In October of 1976 my husband (at that time), and my six month old son drove eight hours to the town of Marenisco in the Upper Peninsula of Michigan. We had been there in the late summer with another couple looking for a place to rent. We were going to live where it was less populated, less expensive, grow something, maybe raise something, treat our illness according to herbal lore, hike with our babies on our backs and enjoy the beauty and solitude. My parents followed us on that slow-moving trek along US-2, carrying the belongings we could not fit in our truck. We had 5 dogs with us too. I stood on the cold linoleum floor surrounded by boxes, hearing the hum of the old refrigerator and smelling fuel oil from the stove that would be our heat. So quiet outside. No street lights. The town had 500 people and 12 bars. If you wanted clothes and a good restaurant you had to go 26 miles “up the line” to Ironwood which had a JC Penney and Town and Country restaurant. In November of that year my husband burnt his hands terribly trying to light the fuel stove. According to what we had learned grated potato was good for burns. We ended up calling an ambulance. The landlord fixed the stove, and I took note of what I had to live on. Pork, oatmeal, dried beans and soup.It was the end of the month and things were tight. No dog food and all those dogs to feed. I cooked oatmeal and pork for them. I ate the beans and soup and nursed my baby. This was such a different environment–harsh, in control. The freezer should have been stocked. I should have had warmer socks. I was only 19 and came from parents who sheltered me. I did not think the temperature could drop to 52 below. I did not know how to change the flat tires on the truck. I did not know enough to be in this setting. There was no one to call. I never saw so much snow. The landlord’s wife invited me to Thanksgiving dinner with her family as my husband was still in the hospital. I ate, produced abundant milk for my son, and she gave me plates of food when she dropped me off at my house. Thank God for angels. “The wreck of the Edmund Fitzgerald” played continually on the radio. I scrubbed the linoleum with hot water and ammonia. The husband’s hands healed, I learned to make pasties, use a pressure cooker, made trips everyday to the laundromat to wash diapers. We got to know the people. One woman talked of how she had to change her bed sheets everyday because of all the sex going on between her and her husband. She made me blush. Come to find out, it wasn’t just her husband in that bed. Another woman sat everyday in the same bar with curlers in her hair. As far as I knew they never came out of her hair unless she took them out right before bed to make herself attractive for her husband. The two smaller than average kids down the street made our house their refuge when the alcoholic parents started yelling at one another. One night someone hung four dogs from trees and in the morning there were their lifeless bodies swaying back and forth. It was horrible and there was never any explanation. A mentally challenged couple just had their 4th or 5th child and without the mother’s consent, the doctor sterilized her so she could not bring anymore children into the world that she could not care for properly. Most of the woman were strong, big-boned, ruddy complexions. They were born and raised in this area and knew how to split wood, hunt, fish, gut something. They made sure there was wild meat in their freezers. They fueled themselves with venison, biscuits and coffee. One woman looked like the girl in Saturday Night Fever who wanted to “make it” with John Travolta. Could have been twins. She sat in the bar with perfect make-up, nice clothes, and always bedroom slippers on her feet. She would visit, have some beers and then go home and clean her house.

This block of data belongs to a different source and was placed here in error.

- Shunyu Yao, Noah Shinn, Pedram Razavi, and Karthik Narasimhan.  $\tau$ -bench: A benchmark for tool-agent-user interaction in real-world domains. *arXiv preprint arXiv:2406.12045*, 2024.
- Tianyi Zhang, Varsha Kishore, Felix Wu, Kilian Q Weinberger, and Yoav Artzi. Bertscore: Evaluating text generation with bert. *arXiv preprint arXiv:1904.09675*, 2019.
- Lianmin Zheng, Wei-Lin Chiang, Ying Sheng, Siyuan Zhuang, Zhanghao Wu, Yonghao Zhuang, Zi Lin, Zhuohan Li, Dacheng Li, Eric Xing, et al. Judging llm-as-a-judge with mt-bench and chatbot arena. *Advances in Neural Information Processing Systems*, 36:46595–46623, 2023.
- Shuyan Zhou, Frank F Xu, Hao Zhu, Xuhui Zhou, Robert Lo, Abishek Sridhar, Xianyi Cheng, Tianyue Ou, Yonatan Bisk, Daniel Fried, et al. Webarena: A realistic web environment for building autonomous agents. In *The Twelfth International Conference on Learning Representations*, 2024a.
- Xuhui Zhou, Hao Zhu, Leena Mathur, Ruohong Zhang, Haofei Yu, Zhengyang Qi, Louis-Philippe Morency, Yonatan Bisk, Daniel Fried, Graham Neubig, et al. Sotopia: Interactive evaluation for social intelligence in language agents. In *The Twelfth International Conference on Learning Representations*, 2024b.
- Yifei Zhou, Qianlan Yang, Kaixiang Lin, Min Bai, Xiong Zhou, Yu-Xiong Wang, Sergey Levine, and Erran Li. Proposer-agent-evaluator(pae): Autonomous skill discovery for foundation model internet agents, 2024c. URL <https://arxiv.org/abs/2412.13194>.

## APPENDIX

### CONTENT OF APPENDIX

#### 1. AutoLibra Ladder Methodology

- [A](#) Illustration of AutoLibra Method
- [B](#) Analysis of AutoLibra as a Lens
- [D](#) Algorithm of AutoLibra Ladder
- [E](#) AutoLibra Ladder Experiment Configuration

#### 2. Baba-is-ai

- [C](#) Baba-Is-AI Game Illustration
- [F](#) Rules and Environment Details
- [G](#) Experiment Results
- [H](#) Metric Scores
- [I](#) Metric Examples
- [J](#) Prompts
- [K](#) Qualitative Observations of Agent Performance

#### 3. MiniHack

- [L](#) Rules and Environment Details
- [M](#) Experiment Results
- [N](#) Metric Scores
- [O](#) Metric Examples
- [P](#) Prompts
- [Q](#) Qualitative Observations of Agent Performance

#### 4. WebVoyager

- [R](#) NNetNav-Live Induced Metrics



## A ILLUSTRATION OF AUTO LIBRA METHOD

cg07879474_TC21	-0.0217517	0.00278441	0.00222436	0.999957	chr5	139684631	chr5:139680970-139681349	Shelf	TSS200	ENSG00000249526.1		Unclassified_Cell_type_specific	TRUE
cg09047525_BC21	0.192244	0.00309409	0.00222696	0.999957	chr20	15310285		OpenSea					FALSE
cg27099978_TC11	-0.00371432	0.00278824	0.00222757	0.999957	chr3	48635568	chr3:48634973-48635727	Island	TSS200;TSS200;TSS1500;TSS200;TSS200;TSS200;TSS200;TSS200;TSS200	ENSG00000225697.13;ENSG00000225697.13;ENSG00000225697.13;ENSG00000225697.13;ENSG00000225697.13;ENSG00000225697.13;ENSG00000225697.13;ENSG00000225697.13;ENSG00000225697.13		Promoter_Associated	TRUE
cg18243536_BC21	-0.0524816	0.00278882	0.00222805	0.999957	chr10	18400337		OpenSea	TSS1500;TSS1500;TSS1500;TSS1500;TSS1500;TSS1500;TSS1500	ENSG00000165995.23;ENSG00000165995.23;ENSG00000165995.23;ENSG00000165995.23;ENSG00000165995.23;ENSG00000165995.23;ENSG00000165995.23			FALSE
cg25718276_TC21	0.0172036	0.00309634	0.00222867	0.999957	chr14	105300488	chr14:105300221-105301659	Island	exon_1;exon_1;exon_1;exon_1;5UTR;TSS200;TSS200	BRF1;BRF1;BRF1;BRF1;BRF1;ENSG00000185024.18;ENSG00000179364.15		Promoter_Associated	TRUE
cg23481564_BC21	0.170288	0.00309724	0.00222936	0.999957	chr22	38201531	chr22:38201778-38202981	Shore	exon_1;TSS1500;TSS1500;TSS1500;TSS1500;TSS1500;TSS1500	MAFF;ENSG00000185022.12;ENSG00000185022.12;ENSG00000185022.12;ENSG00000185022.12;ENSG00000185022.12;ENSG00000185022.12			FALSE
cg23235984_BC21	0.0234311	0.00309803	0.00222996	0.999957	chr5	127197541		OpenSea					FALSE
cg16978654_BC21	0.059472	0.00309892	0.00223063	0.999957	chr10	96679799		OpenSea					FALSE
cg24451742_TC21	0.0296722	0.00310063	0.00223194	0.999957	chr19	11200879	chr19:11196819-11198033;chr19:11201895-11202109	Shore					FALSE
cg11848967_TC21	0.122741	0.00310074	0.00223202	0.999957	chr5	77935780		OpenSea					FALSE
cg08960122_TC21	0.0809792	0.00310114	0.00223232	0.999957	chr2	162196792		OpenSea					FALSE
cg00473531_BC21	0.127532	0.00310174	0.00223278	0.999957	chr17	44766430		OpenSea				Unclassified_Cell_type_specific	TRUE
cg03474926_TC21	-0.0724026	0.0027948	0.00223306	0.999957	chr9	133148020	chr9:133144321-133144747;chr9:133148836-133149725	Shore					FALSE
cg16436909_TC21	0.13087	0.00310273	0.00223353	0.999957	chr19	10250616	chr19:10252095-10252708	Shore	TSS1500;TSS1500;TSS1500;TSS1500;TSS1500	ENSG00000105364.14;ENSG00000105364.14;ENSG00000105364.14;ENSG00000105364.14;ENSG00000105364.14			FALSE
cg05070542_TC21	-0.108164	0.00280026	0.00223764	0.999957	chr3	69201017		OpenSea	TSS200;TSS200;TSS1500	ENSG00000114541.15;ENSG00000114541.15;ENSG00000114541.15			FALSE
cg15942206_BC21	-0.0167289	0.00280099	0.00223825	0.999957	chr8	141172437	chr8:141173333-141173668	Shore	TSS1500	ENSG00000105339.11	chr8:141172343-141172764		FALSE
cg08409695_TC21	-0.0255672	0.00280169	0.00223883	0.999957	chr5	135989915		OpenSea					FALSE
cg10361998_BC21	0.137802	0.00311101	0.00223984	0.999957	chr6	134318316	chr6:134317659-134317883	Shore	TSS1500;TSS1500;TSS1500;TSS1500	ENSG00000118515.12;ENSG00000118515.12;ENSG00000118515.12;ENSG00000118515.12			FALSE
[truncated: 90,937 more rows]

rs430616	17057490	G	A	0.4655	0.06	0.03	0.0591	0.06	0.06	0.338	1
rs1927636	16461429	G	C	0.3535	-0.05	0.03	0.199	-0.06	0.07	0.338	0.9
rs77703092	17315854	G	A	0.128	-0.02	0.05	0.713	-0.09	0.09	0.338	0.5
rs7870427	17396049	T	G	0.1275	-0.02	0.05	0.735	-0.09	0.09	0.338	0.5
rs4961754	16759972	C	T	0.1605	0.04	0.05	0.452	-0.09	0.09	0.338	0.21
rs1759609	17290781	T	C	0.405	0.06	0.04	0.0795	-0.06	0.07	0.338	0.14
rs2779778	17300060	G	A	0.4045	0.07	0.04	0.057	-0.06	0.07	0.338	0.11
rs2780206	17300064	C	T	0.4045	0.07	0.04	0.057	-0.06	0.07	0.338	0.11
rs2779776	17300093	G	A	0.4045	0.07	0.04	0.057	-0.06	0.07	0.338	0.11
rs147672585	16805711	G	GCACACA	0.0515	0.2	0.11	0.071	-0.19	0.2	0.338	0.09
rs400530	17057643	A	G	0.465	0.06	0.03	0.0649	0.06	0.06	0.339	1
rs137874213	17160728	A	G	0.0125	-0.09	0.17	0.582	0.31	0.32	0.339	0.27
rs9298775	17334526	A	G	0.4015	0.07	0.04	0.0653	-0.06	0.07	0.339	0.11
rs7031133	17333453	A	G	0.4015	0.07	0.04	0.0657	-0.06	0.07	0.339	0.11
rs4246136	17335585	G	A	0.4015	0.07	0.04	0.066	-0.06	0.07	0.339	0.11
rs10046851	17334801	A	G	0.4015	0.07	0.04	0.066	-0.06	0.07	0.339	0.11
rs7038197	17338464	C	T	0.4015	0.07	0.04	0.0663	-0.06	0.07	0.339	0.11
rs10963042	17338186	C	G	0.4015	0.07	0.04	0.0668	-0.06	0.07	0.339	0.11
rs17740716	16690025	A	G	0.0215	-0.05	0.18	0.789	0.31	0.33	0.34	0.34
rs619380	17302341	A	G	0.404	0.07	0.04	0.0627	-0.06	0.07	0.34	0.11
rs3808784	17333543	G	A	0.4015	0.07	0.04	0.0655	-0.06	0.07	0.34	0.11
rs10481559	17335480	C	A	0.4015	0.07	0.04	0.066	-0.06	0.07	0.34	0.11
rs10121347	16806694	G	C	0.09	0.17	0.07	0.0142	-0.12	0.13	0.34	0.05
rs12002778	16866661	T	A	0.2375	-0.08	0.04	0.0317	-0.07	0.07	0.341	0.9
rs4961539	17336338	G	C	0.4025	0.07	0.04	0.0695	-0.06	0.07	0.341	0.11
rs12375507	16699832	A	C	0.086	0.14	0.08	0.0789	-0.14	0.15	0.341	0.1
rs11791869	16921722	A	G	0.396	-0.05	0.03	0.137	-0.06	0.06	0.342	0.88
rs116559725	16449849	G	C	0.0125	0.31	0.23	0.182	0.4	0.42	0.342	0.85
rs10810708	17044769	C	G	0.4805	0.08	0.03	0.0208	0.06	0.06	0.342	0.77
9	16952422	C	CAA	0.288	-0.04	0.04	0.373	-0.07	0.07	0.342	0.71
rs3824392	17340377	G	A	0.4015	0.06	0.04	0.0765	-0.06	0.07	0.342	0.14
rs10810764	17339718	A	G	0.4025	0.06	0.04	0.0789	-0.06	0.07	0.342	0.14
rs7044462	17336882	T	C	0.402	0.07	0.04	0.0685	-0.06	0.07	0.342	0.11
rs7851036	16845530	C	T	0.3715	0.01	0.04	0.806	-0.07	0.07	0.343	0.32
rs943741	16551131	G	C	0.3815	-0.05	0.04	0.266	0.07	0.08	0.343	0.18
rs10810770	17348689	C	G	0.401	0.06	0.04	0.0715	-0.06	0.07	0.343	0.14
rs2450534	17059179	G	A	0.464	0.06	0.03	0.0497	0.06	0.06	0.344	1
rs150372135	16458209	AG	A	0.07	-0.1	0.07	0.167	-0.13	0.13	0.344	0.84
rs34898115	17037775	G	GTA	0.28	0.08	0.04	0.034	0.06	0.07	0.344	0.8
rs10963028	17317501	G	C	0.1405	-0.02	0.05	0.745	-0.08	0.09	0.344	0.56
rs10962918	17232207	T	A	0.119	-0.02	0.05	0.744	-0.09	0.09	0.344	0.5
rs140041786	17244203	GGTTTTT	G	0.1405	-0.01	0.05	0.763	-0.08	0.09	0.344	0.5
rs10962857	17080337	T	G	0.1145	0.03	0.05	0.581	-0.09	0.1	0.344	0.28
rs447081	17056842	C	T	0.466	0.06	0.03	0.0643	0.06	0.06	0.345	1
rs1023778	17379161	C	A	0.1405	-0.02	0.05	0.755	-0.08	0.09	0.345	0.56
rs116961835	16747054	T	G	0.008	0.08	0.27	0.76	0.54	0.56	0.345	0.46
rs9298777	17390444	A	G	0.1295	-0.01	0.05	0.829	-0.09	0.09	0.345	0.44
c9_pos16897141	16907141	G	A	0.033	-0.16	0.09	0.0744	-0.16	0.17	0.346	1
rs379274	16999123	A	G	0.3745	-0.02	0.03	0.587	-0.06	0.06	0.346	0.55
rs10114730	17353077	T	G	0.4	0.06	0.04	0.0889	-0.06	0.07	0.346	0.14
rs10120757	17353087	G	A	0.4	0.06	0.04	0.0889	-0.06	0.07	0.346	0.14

There was a mix of Indians and Norwegians And some looked just strange–that inbred look. Some were downright poor: Bad teeth, no hot water, no electricity. Some women didn’t shave. Most just looked older than their years. Sometimes we would drive to the dump and look at the bears. Everything got celebrated in the bars and I had my first taste of Yukon Jack and Peppermint Schnapps. A big taste–knocking back shot glasses like it was water and thought I was going to die the next day. I was so plastered I wet my pants and dropped my baby face first in the snow. Baptist women came to lay hands on me when I could hardly walk because of tendonitis, bursitis, and cellulitis in my knee. Because of washing those floors. The knee wasn’t healing and the drugs were only taking away the pain, but after they left, the swelling went down and I walked normally. I grew up. I toughened a bit. I was more prepared for the next winter. But that next summer we headed back to where there were friends and family. Found a place with some acreage and a fireplace in the house.
Today I yearn for that solitude, that harshness. I am tired of hearing traffic, national guards practicing their shots, lawn mowers, leaf blowers. I am sick of having a neighbor next to me. Maybe I will go back one day. When my hair is long and gray and I wear it in a braid. A new chapter in my life will unfold.